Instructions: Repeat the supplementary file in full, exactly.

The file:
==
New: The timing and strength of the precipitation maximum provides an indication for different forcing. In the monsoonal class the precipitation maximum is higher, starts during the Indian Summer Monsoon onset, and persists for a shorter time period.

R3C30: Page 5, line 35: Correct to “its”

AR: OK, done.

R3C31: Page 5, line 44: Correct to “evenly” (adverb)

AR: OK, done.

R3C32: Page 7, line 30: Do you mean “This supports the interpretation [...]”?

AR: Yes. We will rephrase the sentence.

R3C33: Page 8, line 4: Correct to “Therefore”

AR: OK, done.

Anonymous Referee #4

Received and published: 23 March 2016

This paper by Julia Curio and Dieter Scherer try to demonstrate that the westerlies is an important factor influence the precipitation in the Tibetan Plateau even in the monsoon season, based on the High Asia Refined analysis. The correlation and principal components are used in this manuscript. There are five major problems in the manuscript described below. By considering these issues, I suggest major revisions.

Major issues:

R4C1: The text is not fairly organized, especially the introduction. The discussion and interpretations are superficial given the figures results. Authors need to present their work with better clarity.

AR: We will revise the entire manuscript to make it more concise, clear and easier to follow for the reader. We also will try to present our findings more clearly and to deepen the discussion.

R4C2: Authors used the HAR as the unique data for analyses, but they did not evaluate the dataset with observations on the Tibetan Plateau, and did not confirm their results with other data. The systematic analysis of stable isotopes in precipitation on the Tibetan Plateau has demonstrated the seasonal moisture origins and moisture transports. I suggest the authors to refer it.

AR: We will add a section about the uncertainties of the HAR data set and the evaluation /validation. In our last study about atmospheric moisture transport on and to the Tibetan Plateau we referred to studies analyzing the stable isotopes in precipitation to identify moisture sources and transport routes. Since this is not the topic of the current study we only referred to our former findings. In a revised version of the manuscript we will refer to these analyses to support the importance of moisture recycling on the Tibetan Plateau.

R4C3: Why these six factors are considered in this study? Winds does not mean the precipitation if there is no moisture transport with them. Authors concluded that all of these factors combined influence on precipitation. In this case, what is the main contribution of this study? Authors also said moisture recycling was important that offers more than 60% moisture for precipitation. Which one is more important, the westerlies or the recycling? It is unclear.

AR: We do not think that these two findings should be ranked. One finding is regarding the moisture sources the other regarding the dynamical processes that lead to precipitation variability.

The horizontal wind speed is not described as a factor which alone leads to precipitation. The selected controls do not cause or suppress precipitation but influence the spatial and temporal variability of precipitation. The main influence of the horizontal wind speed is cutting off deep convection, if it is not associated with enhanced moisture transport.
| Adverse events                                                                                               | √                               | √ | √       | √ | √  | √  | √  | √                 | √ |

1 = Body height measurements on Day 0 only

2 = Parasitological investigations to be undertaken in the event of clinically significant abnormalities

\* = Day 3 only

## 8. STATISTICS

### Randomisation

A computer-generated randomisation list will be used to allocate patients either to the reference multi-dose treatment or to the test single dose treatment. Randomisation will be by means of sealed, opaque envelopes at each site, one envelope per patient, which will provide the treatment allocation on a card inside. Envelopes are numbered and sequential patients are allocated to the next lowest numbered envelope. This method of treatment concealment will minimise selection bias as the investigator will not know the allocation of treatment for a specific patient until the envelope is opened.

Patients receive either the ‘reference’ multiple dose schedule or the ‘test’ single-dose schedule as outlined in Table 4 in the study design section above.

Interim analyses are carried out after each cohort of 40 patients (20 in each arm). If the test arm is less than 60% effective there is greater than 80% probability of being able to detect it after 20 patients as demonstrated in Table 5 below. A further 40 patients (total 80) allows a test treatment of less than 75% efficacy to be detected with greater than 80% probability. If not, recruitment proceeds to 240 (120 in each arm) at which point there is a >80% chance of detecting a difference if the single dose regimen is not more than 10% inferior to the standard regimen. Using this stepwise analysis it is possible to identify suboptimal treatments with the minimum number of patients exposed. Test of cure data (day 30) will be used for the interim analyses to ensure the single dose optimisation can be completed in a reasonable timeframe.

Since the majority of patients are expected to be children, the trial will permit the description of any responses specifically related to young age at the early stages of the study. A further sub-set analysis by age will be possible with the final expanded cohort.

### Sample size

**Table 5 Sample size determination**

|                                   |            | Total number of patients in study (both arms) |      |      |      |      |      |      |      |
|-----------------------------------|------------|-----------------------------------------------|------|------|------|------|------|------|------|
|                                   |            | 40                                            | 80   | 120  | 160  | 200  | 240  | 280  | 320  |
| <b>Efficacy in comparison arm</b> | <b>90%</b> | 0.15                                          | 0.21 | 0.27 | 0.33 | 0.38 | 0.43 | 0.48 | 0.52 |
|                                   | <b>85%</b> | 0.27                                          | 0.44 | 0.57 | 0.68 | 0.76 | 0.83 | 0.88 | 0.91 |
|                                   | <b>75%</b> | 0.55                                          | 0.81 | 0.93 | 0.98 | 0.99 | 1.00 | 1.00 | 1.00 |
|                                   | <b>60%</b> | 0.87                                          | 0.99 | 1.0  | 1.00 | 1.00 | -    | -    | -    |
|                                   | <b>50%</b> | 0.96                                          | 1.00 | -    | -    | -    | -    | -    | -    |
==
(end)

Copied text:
New: The timing and strength of the precipitation maximum provides an indication for different forcing. In the monsoonal class the precipitation maximum is higher, starts during the Indian Summer Monsoon onset, and persists for a shorter time period.

R3C30: Page 5, line 35: Correct to “its”

AR: OK, done.

R3C31: Page 5, line 44: Correct to “evenly” (adverb)

AR: OK, done.

R3C32: Page 7, line 30: Do you mean “This supports the interpretation [...]”?

AR: Yes. We will rephrase the sentence.

R3C33: Page 8, line 4: Correct to “Therefore”

AR: OK, done.

Anonymous Referee #4

Received and published: 23 March 2016

This paper by Julia Curio and Dieter Scherer try to demonstrate that the westerlies is an important factor influence the precipitation in the Tibetan Plateau even in the monsoon season, based on the High Asia Refined analysis. The correlation and principal components are used in this manuscript. There are five major problems in the manuscript described below. By considering these issues, I suggest major revisions.

Major issues:

R4C1: The text is not fairly organized, especially the introduction. The discussion and interpretations are superficial given the figures results. Authors need to present their work with better clarity.

AR: We will revise the entire manuscript to make it more concise, clear and easier to follow for the reader. We also will try to present our findings more clearly and to deepen the discussion.

R4C2: Authors used the HAR as the unique data for analyses, but they did not evaluate the dataset with observations on the Tibetan Plateau, and did not confirm their results with other data. The systematic analysis of stable isotopes in precipitation on the Tibetan Plateau has demonstrated the seasonal moisture origins and moisture transports. I suggest the authors to refer it.

AR: We will add a section about the uncertainties of the HAR data set and the evaluation /validation. In our last study about atmospheric moisture transport on and to the Tibetan Plateau we referred to studies analyzing the stable isotopes in precipitation to identify moisture sources and transport routes. Since this is not the topic of the current study we only referred to our former findings. In a revised version of the manuscript we will refer to these analyses to support the importance of moisture recycling on the Tibetan Plateau.

R4C3: Why these six factors are considered in this study? Winds does not mean the precipitation if there is no moisture transport with them. Authors concluded that all of these factors combined influence on precipitation. In this case, what is the main contribution of this study? Authors also said moisture recycling was important that offers more than 60% moisture for precipitation. Which one is more important, the westerlies or the recycling? It is unclear.

AR: We do not think that these two findings should be ranked. One finding is regarding the moisture sources the other regarding the dynamical processes that lead to precipitation variability.

The horizontal wind speed is not described as a factor which alone leads to precipitation. The selected controls do not cause or suppress precipitation but influence the spatial and temporal variability of precipitation. The main influence of the horizontal wind speed is cutting off deep convection, if it is not associated with enhanced moisture transport.
| Adverse events                                                                                               | √                               | √ | √       | √ | √  | √  | √  | √                 | √ |

1 = Body height measurements on Day 0 only

2 = Parasitological investigations to be undertaken in the event of clinically significant abnormalities

\* = Day 3 only

## 8. STATISTICS

### Randomisation

A computer-generated randomisation list will be used to allocate patients either to the reference multi-dose treatment or to the test single dose treatment. Randomisation will be by means of sealed, opaque envelopes at each site, one envelope per patient, which will provide the treatment allocation on a card inside. Envelopes are numbered and sequential patients are allocated to the next lowest numbered envelope. This method of treatment concealment will minimise selection bias as the investigator will not know the allocation of treatment for a specific patient until the envelope is opened.

Patients receive either the ‘reference’ multiple dose schedule or the ‘test’ single-dose schedule as outlined in Table 4 in the study design section above.

Interim analyses are carried out after each cohort of 40 patients (20 in each arm). If the test arm is less than 60% effective there is greater than 80% probability of being able to detect it after 20 patients as demonstrated in Table 5 below. A further 40 patients (total 80) allows a test treatment of less than 75% efficacy to be detected with greater than 80% probability. If not, recruitment proceeds to 240 (120 in each arm) at which point there is a >80% chance of detecting a difference if the single dose regimen is not more than 10% inferior to the standard regimen. Using this stepwise analysis it is possible to identify suboptimal treatments with the minimum number of patients exposed. Test of cure data (day 30) will be used for the interim analyses to ensure the single dose optimisation can be completed in a reasonable timeframe.

Since the majority of patients are expected to be children, the trial will permit the description of any responses specifically related to young age at the early stages of the study. A further sub-set analysis by age will be possible with the final expanded cohort.

### Sample size

**Table 5 Sample size determination**

|                                   |            | Total number of patients in study (both arms) |      |      |      |      |      |      |      |
|-----------------------------------|------------|-----------------------------------------------|------|------|------|------|------|------|------|
|                                   |            | 40                                            | 80   | 120  | 160  | 200  | 240  | 280  | 320  |
| <b>Efficacy in comparison arm</b> | <b>90%</b> | 0.15                                          | 0.21 | 0.27 | 0.33 | 0.38 | 0.43 | 0.48 | 0.52 |
|                                   | <b>85%</b> | 0.27                                          | 0.44 | 0.57 | 0.68 | 0.76 | 0.83 | 0.88 | 0.91 |
|                                   | <b>75%</b> | 0.55                                          | 0.81 | 0.93 | 0.98 | 0.99 | 1.00 | 1.00 | 1.00 |
|                                   | <b>60%</b> | 0.87                                          | 0.99 | 1.0  | 1.00 | 1.00 | -    | -    | -    |
|                                   | <b>50%</b> | 0.96                                          | 1.00 | -    | -    | -    | -    | -    | -    |